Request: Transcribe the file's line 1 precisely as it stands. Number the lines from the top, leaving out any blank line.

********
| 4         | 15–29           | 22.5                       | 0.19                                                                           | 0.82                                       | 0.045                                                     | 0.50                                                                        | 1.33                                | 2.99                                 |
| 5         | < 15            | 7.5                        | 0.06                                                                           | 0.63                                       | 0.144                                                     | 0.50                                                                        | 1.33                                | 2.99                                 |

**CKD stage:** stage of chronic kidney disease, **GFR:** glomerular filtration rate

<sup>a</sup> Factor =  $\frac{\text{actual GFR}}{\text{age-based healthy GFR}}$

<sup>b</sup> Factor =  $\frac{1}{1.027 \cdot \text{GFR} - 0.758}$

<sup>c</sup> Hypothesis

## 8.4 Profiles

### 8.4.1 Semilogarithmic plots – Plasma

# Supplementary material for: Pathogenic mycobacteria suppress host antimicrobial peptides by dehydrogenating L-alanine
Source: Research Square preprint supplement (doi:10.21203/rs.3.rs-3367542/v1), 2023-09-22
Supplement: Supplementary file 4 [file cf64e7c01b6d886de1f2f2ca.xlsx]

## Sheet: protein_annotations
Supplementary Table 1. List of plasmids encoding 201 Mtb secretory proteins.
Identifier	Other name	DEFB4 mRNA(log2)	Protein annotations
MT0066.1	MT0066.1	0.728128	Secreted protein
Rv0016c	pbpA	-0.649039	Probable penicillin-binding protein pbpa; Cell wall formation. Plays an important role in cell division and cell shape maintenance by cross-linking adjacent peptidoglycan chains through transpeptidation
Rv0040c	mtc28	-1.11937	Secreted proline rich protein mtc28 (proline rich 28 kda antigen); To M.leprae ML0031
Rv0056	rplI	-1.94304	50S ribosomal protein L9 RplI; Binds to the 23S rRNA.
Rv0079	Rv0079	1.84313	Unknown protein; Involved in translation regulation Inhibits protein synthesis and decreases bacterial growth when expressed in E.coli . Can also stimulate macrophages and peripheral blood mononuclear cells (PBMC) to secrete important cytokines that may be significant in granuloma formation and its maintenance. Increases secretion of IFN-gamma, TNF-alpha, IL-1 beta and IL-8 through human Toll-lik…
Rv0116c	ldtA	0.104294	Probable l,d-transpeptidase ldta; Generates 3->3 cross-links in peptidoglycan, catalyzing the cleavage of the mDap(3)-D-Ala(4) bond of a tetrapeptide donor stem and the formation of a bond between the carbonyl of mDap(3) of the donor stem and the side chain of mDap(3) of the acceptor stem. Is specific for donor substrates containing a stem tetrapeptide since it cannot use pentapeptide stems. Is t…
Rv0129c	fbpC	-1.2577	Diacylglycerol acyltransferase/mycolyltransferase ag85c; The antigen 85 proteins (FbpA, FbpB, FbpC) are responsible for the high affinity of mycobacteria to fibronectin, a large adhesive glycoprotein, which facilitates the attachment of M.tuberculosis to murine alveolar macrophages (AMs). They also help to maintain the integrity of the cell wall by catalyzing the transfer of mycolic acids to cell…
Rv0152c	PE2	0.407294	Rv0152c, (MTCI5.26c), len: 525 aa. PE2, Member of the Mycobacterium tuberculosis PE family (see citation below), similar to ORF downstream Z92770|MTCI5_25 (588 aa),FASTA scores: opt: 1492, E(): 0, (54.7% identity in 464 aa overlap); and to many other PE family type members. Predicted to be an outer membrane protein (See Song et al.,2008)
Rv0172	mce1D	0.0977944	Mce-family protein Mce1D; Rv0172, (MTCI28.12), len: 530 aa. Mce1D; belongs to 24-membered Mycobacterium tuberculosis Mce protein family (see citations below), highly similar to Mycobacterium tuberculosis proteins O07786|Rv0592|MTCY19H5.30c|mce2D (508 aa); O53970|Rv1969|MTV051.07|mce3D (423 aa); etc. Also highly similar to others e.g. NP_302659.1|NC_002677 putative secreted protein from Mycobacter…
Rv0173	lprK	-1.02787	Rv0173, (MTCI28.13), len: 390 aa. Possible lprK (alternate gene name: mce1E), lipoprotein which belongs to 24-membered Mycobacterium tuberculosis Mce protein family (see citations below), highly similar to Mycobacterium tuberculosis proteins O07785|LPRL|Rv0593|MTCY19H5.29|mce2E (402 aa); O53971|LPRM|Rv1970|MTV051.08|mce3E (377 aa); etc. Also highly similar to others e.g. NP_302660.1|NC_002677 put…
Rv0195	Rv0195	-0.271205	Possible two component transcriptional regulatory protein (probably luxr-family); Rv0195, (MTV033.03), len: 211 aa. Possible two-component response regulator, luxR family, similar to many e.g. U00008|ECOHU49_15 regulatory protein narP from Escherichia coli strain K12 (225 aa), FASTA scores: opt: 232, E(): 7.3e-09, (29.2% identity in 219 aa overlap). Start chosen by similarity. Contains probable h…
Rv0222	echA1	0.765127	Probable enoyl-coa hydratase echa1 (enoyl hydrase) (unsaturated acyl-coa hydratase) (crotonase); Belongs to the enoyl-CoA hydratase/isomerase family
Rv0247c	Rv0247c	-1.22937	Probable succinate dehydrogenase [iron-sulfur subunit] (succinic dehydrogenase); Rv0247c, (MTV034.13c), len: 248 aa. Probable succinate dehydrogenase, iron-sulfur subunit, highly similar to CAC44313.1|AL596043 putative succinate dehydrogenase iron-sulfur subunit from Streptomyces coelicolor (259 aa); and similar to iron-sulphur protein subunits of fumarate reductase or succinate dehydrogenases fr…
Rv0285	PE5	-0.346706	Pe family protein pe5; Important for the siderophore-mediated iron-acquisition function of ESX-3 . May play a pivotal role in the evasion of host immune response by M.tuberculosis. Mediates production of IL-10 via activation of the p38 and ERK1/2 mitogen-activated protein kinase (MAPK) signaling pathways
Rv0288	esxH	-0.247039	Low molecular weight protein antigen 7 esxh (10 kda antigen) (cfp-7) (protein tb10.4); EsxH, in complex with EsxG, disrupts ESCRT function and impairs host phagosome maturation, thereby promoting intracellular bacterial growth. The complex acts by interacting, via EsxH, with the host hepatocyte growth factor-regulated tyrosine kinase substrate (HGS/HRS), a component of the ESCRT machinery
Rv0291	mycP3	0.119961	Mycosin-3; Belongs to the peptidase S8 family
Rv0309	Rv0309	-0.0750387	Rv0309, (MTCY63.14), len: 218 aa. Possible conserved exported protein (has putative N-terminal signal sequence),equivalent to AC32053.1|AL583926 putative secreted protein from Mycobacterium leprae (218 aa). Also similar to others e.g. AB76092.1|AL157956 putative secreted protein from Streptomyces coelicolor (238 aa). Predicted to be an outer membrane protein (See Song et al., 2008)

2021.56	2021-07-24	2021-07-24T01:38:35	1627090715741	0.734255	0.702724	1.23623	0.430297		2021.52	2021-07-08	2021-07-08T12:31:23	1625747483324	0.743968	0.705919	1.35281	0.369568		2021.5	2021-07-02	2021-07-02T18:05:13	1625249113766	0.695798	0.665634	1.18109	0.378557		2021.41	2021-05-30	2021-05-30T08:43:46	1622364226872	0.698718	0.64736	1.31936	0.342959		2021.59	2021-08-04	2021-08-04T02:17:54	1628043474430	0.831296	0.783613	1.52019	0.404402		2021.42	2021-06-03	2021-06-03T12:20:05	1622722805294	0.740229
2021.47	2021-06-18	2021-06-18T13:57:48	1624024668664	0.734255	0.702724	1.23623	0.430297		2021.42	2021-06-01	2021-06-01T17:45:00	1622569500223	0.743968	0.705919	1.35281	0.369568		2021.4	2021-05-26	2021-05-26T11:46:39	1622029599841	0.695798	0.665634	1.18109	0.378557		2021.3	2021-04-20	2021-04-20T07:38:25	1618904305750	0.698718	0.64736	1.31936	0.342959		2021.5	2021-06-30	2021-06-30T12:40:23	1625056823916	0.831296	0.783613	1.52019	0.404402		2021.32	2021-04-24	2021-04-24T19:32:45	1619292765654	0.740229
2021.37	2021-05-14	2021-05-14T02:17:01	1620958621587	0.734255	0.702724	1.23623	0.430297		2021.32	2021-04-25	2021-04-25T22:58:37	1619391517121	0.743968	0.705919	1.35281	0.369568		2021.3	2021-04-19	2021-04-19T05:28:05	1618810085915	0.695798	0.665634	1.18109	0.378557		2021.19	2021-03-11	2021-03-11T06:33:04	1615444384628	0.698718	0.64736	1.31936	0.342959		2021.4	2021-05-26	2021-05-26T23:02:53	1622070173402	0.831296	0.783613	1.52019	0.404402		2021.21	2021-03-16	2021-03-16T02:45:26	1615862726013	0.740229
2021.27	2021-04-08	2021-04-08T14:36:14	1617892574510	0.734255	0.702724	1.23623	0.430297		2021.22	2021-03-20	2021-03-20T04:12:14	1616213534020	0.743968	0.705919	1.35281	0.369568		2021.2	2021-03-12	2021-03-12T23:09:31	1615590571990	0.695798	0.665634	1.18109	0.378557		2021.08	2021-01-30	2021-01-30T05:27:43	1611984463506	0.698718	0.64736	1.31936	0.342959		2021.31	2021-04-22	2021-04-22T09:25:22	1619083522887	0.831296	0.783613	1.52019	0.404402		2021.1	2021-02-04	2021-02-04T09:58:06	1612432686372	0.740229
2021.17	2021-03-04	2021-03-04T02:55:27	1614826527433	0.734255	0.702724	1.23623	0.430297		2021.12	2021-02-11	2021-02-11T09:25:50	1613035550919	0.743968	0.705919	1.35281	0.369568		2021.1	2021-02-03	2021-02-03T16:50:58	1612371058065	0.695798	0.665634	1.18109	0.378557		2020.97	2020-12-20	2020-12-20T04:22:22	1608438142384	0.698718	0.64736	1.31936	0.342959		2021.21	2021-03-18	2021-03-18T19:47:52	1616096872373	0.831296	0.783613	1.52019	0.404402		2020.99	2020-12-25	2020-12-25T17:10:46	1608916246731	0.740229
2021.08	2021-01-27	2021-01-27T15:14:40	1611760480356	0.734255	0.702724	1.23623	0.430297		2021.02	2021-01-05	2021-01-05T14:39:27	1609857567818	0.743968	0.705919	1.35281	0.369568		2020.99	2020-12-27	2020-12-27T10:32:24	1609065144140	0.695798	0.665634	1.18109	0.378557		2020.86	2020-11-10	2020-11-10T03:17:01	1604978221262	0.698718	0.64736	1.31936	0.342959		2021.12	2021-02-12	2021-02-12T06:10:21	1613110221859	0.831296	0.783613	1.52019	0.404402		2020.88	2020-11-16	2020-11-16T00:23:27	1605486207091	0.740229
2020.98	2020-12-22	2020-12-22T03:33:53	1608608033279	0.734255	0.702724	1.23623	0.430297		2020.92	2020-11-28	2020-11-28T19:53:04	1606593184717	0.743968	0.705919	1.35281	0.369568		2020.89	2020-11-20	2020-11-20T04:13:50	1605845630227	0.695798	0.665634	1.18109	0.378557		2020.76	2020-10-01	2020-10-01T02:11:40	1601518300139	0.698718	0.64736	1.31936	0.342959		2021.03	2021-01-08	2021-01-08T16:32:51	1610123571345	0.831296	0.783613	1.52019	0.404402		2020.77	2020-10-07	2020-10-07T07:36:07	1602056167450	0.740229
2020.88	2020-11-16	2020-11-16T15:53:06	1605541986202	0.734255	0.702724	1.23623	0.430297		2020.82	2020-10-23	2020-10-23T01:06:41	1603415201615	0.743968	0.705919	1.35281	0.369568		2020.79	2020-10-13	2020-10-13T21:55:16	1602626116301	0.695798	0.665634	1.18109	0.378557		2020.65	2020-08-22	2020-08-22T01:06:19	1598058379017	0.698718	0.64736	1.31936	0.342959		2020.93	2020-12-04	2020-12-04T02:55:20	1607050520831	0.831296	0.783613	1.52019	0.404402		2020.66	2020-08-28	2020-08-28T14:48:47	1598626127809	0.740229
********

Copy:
| 4         | 15–29           | 22.5                       | 0.19                                                                           | 0.82                                       | 0.045                                                     | 0.50                                                                        | 1.33                                | 2.99                                 |